A: Berlin is home to numerous annual art events and festivals that showcase the city’s thriving arts scene. Berlin Art Week, held each September, is a major contemporary art event that features exhibitions, talks, and performances across various galleries and institutions. Another notable event is the Berlin Biennale, which takes place every two years and highlights the work of emerging and established artists from around the world. The Festival of Lights, held each October, is a popular city-wide event where buildings and landmarks are transformed through light installations and projections by various artists.

Q: How has Berlin’s history influenced its public artwork?

A: Berlin’s tumultuous history has had a significant impact on its public artwork. The city’s division during the Cold War, with the Berlin Wall separating East and West, led to distinct artistic styles and approaches on either side of the wall. The fall of the wall in 1989 sparked a surge of artistic expression, with artists from both sides creating works that sought to heal, provoke, and celebrate newfound freedom. Many of these works can still be seen today, particularly in the East Side Gallery. The city’s history of political and social upheaval has given rise to a unique artistic landscape, where artists continue to engage with themes of identity, power, and transformation.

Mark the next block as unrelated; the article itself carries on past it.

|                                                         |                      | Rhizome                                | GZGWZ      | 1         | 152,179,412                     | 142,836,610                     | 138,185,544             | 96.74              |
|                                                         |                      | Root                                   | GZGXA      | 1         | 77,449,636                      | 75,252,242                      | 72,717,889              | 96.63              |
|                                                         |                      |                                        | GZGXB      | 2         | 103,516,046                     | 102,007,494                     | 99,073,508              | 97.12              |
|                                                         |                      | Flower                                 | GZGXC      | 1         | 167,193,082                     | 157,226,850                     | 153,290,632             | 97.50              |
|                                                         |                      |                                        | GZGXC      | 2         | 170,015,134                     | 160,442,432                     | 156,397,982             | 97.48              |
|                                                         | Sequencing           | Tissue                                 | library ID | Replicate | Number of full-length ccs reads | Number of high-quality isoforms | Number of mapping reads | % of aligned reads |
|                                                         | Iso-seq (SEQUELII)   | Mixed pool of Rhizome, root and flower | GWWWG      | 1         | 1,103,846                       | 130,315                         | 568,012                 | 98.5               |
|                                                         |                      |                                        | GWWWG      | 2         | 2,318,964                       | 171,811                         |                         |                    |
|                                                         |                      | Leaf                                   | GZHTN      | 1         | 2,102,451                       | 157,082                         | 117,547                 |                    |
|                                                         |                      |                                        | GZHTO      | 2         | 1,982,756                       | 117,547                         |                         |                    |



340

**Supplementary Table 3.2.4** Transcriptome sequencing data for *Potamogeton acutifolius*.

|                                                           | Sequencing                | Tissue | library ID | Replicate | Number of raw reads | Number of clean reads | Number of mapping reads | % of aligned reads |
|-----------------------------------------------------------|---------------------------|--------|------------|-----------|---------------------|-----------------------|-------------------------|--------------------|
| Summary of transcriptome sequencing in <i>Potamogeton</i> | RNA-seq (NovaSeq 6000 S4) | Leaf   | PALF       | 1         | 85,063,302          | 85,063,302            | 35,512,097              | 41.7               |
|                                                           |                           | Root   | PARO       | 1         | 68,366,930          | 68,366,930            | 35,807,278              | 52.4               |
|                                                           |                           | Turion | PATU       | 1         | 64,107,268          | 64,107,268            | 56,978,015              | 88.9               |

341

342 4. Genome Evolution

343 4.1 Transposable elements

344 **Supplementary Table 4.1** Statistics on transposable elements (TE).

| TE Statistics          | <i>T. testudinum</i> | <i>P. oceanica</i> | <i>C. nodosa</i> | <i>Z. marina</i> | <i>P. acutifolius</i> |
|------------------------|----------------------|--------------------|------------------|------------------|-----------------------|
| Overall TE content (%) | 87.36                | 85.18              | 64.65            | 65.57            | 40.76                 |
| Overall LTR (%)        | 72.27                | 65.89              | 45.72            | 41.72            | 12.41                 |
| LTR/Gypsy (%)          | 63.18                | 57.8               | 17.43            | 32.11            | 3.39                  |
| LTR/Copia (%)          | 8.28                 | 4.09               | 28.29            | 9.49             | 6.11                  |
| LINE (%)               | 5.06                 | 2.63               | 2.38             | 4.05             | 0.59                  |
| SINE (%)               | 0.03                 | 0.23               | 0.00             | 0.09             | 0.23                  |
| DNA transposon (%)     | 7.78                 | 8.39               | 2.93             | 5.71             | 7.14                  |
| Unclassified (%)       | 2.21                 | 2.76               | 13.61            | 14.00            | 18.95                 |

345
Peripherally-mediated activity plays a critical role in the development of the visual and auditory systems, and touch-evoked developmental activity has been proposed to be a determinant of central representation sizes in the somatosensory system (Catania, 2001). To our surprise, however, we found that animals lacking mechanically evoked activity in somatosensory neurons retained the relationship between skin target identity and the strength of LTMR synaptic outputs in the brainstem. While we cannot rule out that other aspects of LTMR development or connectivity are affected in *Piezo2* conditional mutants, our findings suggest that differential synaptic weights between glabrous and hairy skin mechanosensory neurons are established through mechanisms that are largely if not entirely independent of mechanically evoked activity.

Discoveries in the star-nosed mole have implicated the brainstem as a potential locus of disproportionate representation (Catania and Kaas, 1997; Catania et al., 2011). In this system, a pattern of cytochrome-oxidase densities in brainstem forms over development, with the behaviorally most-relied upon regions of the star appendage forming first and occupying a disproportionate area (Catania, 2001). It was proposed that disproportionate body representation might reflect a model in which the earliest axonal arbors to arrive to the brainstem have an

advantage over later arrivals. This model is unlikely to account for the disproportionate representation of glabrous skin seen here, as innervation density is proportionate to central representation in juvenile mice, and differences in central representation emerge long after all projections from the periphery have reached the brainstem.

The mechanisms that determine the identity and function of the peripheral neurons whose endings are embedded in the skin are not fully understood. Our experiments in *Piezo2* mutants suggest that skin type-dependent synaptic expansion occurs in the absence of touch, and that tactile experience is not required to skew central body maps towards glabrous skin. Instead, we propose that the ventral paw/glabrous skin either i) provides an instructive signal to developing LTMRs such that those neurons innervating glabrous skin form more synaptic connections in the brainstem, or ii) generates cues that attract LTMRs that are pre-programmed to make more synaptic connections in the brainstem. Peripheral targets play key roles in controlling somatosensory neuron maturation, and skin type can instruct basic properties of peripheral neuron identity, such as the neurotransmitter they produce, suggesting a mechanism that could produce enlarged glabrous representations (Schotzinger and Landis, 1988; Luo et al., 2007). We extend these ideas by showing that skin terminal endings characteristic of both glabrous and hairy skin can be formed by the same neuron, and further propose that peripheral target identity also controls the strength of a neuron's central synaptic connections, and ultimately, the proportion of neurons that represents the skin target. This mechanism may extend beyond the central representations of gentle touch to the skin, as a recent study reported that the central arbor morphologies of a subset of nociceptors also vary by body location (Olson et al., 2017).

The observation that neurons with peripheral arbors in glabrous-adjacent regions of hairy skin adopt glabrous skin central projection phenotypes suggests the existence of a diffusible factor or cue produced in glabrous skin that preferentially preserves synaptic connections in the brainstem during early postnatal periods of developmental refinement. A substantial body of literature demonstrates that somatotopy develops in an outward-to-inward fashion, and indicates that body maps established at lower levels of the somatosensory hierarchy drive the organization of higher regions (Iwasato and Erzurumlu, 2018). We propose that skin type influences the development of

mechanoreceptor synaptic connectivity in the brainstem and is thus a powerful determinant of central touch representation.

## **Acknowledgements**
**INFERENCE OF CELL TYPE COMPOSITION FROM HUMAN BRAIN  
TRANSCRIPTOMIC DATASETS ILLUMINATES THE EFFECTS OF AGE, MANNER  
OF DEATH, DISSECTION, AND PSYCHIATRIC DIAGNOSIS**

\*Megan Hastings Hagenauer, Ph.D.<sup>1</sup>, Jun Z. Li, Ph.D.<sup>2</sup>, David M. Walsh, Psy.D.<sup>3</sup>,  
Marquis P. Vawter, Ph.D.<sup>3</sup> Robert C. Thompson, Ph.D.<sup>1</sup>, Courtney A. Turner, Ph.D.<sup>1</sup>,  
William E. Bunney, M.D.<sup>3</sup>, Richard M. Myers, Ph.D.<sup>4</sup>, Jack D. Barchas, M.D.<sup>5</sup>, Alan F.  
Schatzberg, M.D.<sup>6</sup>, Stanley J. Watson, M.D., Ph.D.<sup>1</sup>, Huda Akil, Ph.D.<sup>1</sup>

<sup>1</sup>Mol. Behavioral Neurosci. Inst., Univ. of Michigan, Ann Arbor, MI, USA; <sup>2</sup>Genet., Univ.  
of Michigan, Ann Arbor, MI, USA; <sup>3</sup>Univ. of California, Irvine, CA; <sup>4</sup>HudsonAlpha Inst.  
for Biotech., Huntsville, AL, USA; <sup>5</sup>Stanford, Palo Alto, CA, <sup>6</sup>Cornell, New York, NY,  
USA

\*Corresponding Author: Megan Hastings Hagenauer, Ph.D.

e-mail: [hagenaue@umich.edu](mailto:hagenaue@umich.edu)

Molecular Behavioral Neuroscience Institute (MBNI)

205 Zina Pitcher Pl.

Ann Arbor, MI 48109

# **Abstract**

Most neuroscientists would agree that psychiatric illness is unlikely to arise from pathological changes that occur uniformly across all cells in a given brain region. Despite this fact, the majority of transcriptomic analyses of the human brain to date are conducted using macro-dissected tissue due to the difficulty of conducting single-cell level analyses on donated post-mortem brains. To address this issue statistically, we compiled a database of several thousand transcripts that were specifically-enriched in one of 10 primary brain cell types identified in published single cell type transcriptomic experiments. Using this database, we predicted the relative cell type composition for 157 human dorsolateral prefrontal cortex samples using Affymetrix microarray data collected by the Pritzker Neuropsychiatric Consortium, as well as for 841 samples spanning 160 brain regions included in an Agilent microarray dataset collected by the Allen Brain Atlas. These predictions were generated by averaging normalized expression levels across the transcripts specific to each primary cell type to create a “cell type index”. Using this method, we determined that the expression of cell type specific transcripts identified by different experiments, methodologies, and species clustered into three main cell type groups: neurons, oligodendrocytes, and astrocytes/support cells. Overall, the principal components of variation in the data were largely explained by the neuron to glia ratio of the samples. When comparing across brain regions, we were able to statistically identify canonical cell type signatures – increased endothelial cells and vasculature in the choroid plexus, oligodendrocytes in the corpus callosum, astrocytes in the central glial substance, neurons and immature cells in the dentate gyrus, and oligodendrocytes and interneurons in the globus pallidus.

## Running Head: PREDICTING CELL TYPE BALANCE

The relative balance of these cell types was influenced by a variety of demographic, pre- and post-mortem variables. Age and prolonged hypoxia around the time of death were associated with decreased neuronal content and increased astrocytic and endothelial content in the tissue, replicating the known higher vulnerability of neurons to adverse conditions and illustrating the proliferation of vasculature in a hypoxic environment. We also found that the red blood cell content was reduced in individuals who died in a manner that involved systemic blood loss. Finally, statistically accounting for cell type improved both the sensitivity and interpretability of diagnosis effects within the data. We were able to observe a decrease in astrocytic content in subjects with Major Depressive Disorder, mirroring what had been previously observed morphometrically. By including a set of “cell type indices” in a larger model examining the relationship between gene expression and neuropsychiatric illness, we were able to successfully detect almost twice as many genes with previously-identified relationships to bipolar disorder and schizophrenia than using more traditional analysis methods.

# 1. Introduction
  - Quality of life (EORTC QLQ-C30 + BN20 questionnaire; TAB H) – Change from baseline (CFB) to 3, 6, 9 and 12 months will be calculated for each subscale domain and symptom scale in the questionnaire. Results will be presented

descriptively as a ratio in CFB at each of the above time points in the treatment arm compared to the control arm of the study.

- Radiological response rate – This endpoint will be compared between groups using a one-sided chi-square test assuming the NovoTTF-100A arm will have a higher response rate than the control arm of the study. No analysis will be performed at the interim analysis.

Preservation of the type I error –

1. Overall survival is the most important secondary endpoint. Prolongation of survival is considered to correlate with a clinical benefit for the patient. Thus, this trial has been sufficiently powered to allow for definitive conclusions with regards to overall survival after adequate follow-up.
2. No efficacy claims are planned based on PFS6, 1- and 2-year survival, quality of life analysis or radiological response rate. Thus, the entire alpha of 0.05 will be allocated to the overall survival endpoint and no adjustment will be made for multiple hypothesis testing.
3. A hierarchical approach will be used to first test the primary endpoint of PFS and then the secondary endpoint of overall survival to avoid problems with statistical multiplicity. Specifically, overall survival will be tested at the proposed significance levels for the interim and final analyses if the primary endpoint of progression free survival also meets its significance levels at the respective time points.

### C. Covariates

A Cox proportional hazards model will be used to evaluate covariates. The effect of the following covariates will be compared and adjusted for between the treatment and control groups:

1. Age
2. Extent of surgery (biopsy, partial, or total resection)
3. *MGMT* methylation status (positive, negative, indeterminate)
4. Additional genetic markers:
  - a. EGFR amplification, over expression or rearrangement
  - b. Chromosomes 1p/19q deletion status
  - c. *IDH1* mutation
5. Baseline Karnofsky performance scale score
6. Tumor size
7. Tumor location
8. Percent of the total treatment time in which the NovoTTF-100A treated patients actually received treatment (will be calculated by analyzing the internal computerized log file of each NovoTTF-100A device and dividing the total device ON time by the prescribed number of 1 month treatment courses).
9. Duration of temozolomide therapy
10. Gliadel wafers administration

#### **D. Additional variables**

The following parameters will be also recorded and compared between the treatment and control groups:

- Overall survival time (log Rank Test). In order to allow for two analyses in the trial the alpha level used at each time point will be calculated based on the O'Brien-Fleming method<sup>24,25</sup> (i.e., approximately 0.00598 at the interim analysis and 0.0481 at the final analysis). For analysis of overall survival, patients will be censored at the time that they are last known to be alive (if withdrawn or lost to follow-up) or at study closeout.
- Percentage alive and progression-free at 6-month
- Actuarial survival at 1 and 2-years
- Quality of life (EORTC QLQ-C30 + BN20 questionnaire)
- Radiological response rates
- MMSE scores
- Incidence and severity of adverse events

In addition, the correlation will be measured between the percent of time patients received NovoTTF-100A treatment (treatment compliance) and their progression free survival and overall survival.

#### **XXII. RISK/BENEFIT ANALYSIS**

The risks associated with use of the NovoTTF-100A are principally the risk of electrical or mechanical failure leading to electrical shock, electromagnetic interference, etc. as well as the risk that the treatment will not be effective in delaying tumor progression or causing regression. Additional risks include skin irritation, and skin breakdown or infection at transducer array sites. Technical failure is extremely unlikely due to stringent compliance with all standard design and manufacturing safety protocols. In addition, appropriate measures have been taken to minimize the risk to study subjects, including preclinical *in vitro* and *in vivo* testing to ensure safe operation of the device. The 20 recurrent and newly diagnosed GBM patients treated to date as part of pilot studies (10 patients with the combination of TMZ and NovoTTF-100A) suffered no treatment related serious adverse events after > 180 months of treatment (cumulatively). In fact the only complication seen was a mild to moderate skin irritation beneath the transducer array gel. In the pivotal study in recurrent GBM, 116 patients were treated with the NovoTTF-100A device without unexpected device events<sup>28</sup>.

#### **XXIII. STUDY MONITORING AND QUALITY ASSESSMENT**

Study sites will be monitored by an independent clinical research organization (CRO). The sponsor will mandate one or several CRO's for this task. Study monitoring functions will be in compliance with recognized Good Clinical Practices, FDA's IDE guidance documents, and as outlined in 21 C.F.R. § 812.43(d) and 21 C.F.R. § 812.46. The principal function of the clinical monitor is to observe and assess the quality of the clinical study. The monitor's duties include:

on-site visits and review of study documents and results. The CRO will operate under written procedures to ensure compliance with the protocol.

Q: Are there guided tours available for exploring Berlin’s public artwork scene?

A: Yes, there are several guided tours available that focus on Berlin’s public artwork scene. These tours typically explore the city’s street art, sculptures, and installations, with knowledgeable guides providing in-depth information on the artists, techniques, and historical context behind each piece. Some tours also include visits to artist studios or galleries, allowing visitors to gain a deeper understanding of the creative process and the city’s art community. It’s also possible to find self-guided tour suggestions and maps online or at local tourist information centers for those who prefer to explore at their own pace.

One thought on “Berlin’s Strangest and Most Unusual Public Artwork Displays

  1. “Wow, Berlin never ceases to amaze me with its eccentricity! These strange and unusual public artworks seem like they were dropped straight out of a Salvador Dali fever dream! From giant rubber ducks to sculptures that look like they’re doing yoga, Berlin’s art scene is definitely on another level. I can’t wait to explore the city and stumble upon these quirky masterpieces myself. Who needs a museum when you have the streets of Berlin as your very own art gallery? Keep the weirdness coming, Berlin! 🎨🦆🤸‍♂️”